Inspiring Children to Read

I come from a crazy reading family. My grandmother was a librarian at UCLA. My father plows through piles of books every month. Reading together in the same room was considered a “family” activity. And my father’s reading aloud renditions of the “Little House” books, while not accurate, were so funny that my mother would come into the room just for a good laugh (reading them myself later on was sort of a let down. I kept wondering, ‘Why isn’t Pa cracking that joke?’).

So, when my daughter Anna was born 10 years ago, I figured she’d be a reader. It just seemed inevitable. My grandmother’s birth present to Anna was a starter library, stocked with gorgeous picture books. There were framed illustrations from children’s books hanging on the walls of her room. And, of course, I read to her constantly, whether she liked it or not.

But the pleasures of reading came slower to her than I expected. While she was enrolled in a very challenging Montessori preschool and learned to read at an early age (she was probably reading well around four), she wasn’t necessarily inclined to do it often. No, Anna seemed a girl of action. Sitting still and reading in her room wasn’t part of her agenda at all.

So there I was, reading to her every night, hoping that the magic of books would catch fire in her. It took until she was about seven. I was reading “A Wrinkle in Time” aloud to her, and I had to stop at a particularly riveting moment. Anna looked irritated. The next morning, though, she told me she’d stayed up and finished the book herself.

“Mom, I had no idea books like this existed,” she said.

The reading flame had caught.

From then on, she was rarely without a book. She seemed to devour them in a voracious way uncannily similar to my reading habits. She wanted to read through meals. She read every night before bed. She read while on the bench at her softball games (adults would often stop and make rather idiotic comments regarding this, like “That’s such a big book for such a little girl.” Please).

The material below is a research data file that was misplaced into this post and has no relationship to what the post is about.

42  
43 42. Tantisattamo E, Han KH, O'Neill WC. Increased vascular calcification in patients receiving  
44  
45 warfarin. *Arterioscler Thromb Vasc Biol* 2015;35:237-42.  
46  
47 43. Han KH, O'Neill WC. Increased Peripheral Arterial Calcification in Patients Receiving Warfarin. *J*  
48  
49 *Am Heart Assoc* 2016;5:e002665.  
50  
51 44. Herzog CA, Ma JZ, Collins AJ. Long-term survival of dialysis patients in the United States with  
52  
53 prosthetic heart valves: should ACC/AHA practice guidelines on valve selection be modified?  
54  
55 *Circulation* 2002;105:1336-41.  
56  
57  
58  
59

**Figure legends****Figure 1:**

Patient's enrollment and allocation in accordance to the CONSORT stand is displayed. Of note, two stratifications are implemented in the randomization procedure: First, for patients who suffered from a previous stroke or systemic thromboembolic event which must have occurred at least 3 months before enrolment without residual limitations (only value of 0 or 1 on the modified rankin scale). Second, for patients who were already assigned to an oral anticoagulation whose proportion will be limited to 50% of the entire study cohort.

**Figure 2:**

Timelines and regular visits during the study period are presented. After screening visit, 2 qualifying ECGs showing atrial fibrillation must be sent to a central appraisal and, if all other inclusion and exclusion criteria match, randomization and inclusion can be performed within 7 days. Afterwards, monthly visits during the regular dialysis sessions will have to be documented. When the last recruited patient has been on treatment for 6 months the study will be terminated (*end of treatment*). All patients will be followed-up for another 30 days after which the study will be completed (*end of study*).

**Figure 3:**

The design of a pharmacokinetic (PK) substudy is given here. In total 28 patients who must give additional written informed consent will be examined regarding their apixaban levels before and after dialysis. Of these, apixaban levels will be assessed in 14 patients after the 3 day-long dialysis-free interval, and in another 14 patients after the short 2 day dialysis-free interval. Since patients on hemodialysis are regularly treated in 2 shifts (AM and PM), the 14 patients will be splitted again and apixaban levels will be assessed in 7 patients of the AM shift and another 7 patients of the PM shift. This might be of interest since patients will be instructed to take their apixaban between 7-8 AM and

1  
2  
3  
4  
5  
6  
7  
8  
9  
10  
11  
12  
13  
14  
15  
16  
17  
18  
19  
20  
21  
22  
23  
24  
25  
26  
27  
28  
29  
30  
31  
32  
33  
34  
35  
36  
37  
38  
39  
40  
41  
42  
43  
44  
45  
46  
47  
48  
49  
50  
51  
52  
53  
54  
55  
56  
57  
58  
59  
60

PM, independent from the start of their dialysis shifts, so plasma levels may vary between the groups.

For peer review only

Now she’s starting to display another reading habit very common in my family: re-reading. Everyone in my family loves to re-read. I think of it as visiting old friends. If Anna loves a book, she might re-read it two or three times. She told me she gets more out of the book every time she reads it. Not all readers re-read; I think it might be genetic.

Anna is now almost ten. I give her books I enjoyed at her age, like the Madeleine L’Engle Austin Family series, and watch her enjoy them just as much as I did. But the kid is an equal opportunity reader as well, devouring silly books and mysteries with the same appetite as the more challenging choices. I honestly think she not only enjoys the books, but the actual process of reading. And I can completely relate.

Most often now I find Anna sprawled on her bed, nose buried in her latest book, lost to the world. The constant reading might be a product of environment, it might be partially genetic, but it probably doesn’t matter why she loves it so. The books are her entertainment, her friends, and her teachers, and she’ll have them for life.


Jenny Heitz is a Los Angeles based writer. She writes about gift ideas on her blog, Find A Toad, and guest posts often for the blogs Beyond the Brochure, Mamapedia, The Sane Mom and Divine Caroline. Her work has also been published in The Los Angeles Daily News op-ed section.